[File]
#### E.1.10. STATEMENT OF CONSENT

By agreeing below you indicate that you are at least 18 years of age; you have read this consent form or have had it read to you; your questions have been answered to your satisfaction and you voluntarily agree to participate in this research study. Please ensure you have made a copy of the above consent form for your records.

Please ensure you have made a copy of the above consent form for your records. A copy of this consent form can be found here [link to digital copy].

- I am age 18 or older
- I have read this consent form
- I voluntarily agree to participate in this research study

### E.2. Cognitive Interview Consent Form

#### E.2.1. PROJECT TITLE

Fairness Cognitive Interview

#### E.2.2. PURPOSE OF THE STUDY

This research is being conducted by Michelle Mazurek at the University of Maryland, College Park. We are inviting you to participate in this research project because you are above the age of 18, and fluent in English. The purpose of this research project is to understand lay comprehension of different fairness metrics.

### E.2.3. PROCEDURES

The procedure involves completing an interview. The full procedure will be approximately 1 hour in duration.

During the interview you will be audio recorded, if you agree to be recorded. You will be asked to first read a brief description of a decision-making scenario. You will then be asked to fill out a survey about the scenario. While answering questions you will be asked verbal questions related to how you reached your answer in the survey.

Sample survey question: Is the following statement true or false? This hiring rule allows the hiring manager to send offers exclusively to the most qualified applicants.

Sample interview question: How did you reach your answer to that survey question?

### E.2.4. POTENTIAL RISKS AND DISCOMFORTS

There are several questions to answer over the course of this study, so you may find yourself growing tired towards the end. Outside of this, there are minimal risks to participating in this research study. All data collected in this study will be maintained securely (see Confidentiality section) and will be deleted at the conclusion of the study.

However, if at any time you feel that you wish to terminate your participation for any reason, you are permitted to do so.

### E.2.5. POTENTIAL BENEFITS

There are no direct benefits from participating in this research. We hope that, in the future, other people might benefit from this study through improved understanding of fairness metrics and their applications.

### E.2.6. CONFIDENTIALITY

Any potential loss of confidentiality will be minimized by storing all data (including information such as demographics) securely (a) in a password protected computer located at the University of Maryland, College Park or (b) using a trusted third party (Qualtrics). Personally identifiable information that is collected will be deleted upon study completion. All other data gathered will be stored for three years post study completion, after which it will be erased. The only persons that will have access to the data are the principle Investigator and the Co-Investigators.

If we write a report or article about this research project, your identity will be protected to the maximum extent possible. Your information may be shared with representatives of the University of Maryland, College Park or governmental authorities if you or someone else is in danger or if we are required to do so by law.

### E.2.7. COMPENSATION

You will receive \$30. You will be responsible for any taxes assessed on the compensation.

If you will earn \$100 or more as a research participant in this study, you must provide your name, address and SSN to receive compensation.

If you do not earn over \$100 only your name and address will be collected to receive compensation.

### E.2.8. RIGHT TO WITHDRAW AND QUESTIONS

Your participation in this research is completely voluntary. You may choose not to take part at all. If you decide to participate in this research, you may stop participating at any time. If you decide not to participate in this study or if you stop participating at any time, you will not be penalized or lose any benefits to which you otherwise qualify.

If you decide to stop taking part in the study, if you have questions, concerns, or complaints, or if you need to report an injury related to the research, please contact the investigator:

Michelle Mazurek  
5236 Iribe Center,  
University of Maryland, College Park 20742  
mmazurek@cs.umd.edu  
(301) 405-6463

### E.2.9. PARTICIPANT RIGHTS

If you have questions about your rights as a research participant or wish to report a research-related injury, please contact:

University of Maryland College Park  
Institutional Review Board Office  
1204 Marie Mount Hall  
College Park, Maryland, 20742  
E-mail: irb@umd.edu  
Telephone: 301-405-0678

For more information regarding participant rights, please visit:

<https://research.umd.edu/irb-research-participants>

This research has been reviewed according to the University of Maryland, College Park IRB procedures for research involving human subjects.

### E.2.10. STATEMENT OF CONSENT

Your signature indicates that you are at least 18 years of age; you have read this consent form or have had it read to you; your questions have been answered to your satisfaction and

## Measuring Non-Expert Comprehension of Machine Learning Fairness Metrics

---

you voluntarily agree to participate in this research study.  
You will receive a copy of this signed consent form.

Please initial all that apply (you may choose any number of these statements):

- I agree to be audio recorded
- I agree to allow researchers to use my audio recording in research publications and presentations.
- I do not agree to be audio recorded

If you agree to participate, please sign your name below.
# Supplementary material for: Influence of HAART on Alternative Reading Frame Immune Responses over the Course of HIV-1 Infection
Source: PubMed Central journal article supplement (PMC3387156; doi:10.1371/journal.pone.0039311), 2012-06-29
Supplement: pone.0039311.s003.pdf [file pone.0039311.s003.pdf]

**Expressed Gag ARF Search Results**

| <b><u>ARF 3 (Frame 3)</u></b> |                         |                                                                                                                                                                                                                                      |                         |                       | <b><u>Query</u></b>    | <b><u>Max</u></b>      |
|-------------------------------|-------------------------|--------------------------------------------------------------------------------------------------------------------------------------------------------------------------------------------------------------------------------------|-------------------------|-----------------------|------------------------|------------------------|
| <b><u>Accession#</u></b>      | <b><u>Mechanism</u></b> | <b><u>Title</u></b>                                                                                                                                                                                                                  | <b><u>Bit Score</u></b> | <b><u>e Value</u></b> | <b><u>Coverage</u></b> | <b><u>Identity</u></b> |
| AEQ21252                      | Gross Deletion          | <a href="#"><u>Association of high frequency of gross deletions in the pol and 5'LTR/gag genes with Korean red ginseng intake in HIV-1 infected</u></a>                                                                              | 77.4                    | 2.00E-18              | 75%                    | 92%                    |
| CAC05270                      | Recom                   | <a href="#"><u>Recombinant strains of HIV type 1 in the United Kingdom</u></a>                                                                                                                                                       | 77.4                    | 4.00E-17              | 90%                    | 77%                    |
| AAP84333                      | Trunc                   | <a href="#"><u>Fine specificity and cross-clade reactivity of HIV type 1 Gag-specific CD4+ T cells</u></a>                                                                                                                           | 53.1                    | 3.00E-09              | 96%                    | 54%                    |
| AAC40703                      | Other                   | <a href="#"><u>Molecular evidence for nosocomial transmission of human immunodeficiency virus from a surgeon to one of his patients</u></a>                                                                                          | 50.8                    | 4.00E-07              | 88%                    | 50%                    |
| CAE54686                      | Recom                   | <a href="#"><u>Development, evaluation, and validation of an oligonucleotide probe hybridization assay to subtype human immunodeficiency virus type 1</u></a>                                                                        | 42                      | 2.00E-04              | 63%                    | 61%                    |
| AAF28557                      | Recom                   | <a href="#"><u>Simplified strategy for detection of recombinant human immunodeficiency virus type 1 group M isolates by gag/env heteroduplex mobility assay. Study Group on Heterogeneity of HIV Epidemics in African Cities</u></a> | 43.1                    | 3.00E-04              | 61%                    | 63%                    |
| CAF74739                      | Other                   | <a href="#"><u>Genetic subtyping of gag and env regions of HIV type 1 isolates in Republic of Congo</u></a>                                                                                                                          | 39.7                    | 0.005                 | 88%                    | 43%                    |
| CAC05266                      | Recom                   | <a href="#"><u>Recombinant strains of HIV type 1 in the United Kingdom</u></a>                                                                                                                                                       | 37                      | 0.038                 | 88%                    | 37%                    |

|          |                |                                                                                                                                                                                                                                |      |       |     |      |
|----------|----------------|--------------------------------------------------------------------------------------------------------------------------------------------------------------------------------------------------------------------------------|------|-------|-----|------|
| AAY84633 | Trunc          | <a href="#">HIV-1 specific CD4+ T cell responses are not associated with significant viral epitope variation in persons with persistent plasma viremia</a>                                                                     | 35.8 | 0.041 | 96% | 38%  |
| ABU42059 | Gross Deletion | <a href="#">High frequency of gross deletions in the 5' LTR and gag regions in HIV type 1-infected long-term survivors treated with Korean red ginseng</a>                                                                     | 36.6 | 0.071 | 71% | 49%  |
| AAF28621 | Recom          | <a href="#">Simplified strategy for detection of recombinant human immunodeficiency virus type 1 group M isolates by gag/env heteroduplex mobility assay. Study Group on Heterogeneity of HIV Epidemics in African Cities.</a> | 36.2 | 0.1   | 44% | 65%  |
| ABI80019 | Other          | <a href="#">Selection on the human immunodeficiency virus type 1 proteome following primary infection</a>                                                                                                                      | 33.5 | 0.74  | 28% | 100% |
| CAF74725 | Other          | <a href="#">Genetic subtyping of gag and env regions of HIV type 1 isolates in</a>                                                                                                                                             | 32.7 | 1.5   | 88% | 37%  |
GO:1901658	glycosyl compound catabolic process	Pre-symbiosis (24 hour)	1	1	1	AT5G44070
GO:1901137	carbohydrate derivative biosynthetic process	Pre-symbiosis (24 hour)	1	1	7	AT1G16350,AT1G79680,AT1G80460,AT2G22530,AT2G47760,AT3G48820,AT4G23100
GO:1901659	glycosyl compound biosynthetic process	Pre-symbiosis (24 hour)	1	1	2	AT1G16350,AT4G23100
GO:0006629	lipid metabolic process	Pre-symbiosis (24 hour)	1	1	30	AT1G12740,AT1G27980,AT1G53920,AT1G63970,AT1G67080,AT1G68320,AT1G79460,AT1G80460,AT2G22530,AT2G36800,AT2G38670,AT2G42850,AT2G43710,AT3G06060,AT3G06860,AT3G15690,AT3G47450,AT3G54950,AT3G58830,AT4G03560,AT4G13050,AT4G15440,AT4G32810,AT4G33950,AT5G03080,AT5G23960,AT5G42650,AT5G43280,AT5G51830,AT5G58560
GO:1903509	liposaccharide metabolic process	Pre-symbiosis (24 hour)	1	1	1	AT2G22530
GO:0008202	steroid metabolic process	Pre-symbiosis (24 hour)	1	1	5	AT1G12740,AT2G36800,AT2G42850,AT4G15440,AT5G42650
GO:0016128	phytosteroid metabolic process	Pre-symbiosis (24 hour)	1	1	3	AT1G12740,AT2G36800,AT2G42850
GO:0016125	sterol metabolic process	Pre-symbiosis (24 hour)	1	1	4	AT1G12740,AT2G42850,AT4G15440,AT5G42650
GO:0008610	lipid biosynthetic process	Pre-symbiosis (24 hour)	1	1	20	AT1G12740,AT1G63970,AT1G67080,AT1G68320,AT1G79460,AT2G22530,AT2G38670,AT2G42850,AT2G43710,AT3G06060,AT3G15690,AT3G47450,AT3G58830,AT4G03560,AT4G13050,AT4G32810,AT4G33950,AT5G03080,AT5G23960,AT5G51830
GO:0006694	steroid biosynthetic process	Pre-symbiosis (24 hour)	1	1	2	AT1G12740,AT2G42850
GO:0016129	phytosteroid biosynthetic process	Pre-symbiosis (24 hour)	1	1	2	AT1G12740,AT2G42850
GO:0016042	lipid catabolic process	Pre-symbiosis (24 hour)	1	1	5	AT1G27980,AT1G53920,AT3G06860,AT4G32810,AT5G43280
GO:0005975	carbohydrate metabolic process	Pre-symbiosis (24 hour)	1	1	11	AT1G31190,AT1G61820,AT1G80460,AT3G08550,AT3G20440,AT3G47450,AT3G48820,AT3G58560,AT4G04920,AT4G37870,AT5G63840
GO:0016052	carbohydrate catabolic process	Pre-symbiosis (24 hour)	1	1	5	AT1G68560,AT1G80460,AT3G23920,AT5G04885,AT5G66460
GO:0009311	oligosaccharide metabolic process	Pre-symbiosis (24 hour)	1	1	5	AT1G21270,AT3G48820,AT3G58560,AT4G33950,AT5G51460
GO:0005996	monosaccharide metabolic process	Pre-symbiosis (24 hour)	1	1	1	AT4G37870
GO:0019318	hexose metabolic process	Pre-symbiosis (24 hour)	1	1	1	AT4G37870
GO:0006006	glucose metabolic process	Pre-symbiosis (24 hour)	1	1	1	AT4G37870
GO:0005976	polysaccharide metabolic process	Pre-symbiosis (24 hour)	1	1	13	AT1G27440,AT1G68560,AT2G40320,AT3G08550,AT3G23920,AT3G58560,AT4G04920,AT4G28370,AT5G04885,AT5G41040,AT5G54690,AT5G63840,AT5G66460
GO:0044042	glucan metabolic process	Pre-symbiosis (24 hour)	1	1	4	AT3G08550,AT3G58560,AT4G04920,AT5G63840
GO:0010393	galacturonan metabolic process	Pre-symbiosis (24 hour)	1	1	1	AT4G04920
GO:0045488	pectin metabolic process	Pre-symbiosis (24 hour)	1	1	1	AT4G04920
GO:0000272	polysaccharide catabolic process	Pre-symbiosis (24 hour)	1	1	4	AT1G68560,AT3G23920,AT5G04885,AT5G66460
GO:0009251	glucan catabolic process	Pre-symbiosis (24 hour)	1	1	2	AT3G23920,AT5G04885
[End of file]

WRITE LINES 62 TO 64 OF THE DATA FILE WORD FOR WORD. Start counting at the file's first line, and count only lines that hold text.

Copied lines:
**Expressed Gag ARF Search Results**

| <b><u>ARF 3 (Frame 3)</u></b> |                         |                                                                                                                                                                                                                                      |                         |                       | <b><u>Query</u></b>    | <b><u>Max</u></b>      |
|-------------------------------|-------------------------|--------------------------------------------------------------------------------------------------------------------------------------------------------------------------------------------------------------------------------------|-------------------------|-----------------------|------------------------|------------------------|